The 16mm is useless for color film photography because there is no easy way to attach color compensating and other filters. I shoot my Velvia through at least an 81A filter all the time, or use other filters as the light requires. Since I can't use filters on the 16mm, I can't get the correct colors, and if I can't get the correct colors, why bother?

I would suggest investigating using gel filters jammed inside the back of the center filter. They would stay protected there.

You never want to use a polarizer with a lens this wide. It sees such a wide angle that nature's polarization effects change over that angle, giving uneven bands of darkness in the sky. That's nature, and why I never use POL filters on ultrawides.

The 16mm lens requires a separate finder slipped into the hot shoe. This finder includes a level for up-down tilt, but sadly, not a circular level, so you still have to guess for left-right Dutching (roll).

The 16mm, like all these lenses, is of course super-sharp edge-to-edge, but has completely zero (less than 0.05%) distortion everywhere. That's irrelevant if you can't get the critical basics, like colors and contrasts, right.

See my 16mm Comparison where I compare this to Nikon and Canon's best.


21mm f/2.8 Biogon     lenses       top

Comparison of all 21mm rangefinder lenses.

Zeiss 21mm f/2.8 for Contax G

Contax GF-21 finder and Contax G Zeiss Biogon 21mm f/2.8. enlarge.

Contax 21mm

Zeiss 21mm f/2.8 Biogon on G2, with GF-21 finder. enlarge.

Works on: Contax G2 only. The Contax G1 needs to be modified (look for the green sticker in the film chamber) to use the 21mm f/2.8.

Optics: 9 elements in 7 groups.

Actual (Design) Focal Length: 21.5mm

Diaphragm: Manual, 7 straight blades, stops down to f/22.

Close Focus: 1.65 feet (0.5m).

Viewing: GF-21mm external shoe-mount finder.

Filter Thread: 55mm.

Hood: None.

Size: 2-13/8" diameter by 1-7/16" long (59 x 35.5mm).

Weight: 6.35 oz. (180g).

Included: Finder, 55mm GK-51 snap-on front cap, GK-R2 rear cap, "Biogon case," which is a box.

Made in: Japan.

More Information: Zeiss' technical data and Zeiss' information on the Biogon.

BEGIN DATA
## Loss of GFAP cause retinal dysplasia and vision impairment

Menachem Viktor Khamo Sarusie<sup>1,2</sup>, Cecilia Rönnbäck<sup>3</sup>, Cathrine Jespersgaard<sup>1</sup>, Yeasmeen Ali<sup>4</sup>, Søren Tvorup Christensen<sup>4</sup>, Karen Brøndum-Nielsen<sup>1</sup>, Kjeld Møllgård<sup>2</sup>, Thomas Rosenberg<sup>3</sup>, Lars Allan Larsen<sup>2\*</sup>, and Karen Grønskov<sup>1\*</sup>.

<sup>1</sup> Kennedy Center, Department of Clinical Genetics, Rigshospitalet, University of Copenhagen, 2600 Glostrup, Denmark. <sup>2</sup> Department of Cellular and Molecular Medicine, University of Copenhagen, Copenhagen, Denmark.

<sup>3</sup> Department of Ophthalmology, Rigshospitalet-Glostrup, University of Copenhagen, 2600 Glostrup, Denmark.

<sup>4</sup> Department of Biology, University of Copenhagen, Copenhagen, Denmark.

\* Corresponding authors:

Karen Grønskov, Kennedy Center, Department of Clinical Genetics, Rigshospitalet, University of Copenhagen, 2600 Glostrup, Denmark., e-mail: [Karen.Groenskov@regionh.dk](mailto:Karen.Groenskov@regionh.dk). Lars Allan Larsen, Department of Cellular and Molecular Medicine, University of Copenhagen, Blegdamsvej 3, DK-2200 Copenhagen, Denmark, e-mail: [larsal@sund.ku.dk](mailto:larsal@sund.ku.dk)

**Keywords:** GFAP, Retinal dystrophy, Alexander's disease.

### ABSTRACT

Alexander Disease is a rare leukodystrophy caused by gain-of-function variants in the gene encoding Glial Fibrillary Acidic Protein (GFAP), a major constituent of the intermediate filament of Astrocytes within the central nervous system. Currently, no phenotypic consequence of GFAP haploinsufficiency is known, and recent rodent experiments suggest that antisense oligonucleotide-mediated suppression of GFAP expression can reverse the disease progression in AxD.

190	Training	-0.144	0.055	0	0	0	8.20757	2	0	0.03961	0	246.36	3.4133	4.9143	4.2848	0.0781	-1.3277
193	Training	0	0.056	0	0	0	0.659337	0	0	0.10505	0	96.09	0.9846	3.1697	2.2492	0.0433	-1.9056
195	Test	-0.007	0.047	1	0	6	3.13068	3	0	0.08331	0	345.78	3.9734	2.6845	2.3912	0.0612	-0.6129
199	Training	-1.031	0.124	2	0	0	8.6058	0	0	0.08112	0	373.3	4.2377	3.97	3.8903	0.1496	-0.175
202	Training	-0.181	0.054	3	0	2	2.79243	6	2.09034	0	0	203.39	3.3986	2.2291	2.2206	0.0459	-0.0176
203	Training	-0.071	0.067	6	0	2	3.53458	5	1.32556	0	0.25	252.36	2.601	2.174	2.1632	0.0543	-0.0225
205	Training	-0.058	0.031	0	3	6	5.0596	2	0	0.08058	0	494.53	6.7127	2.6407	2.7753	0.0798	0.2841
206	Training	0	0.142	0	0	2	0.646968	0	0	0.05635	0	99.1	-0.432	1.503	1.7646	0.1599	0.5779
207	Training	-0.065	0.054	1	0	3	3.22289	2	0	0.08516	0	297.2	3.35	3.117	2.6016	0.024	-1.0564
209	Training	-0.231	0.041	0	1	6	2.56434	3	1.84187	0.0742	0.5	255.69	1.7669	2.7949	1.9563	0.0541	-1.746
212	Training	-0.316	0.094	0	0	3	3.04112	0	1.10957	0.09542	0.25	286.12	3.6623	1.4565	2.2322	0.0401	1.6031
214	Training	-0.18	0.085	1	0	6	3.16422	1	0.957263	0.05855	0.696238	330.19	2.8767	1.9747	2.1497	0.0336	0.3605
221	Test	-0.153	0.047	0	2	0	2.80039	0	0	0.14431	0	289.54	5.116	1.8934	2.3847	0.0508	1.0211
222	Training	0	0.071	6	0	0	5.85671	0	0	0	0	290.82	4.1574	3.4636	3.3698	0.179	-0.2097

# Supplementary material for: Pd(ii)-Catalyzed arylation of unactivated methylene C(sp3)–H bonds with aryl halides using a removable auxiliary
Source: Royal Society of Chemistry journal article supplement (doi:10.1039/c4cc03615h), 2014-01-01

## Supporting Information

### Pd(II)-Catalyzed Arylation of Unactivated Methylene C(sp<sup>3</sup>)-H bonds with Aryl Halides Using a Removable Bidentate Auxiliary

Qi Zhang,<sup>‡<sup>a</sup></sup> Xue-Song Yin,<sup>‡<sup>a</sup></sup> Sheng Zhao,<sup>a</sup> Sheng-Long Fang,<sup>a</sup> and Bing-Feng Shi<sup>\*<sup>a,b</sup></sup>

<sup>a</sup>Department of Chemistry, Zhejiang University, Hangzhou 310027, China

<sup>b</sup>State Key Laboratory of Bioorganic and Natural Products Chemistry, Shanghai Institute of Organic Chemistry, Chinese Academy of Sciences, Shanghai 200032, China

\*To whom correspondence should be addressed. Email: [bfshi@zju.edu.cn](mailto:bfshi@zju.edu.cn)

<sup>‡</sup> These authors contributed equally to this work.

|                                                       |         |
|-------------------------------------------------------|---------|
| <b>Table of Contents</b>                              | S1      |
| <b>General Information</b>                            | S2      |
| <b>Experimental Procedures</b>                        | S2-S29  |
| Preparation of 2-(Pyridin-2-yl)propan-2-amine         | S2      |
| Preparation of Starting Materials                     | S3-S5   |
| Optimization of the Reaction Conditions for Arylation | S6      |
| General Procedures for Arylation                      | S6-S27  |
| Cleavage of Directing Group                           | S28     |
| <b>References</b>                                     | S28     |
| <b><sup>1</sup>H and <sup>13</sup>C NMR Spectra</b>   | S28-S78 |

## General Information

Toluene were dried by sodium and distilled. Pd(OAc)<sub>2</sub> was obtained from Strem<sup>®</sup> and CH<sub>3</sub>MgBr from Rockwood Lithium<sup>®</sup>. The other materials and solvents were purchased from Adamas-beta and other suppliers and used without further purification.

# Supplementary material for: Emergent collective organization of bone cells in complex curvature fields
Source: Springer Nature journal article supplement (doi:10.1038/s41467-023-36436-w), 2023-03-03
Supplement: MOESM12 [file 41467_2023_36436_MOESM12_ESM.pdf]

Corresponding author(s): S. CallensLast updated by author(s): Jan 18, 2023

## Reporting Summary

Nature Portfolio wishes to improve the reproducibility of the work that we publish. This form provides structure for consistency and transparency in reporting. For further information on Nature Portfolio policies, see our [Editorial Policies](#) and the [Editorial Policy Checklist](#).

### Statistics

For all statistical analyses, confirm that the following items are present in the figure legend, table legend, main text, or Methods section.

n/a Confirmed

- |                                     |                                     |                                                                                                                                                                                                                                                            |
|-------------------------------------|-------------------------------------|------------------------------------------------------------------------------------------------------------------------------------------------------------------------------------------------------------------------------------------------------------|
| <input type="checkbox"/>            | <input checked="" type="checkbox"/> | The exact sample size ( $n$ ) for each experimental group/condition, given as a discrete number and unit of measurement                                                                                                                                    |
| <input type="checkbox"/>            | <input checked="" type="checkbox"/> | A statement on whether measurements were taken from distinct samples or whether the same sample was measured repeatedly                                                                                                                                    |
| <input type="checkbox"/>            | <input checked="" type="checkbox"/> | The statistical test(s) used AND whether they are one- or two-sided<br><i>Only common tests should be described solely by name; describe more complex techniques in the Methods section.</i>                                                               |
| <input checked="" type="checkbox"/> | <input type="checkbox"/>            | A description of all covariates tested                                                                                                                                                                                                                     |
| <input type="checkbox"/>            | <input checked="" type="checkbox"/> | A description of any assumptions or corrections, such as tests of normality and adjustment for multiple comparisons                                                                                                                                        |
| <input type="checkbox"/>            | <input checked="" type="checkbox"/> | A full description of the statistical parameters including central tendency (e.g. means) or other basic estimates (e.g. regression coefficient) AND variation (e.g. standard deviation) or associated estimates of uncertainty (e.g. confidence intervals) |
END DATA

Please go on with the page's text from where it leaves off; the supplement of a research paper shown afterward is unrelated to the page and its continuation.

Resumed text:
The newer 21mm f/2.8 Biogon only works on the newer G2 body, or an older G1 body that has been modified (look for a green sticker in the film chamber).

Unlike the oddball 16mm, the 21mm is a real, practical lens. Just like the rest of the lenses, you get autofocus and TTL metering for flash and ambient light, screw-in 55mm filters, and it's three stops faster than the 16mm.

The optional billet-metal Contax GK-54 lens cap won't fit because the front of the 21mm is too wide. The Contax GK-54 lens cap will fit very snugly over a Hoya 55mm HMC filter, which has a smaller diameter than the front of the 21mm lens.

The only gotcha is that you have to compose through a separate finder slipped into the hot shoe. The finder is nicer than the finder of the Mamiya 7 43mm lens because its focus is fixed, but the Zeiss finder lacks a level.

The Zeiss 21mm has no visible distortion, although the separate finder sure does.

There are two small amber ghosts near the center of the image if you let the sun hit the lens outside the image area. Be sure to use your hand to shield the lens if the sun is out of the photo, but able to shine on the lens.

The Zeiss 21mm is super sharp, even wide-open at f/2.8.

The Zeiss 21mm is so sharp that you have to pay attention to depth-of-field at f/2.8, even for distant subjects.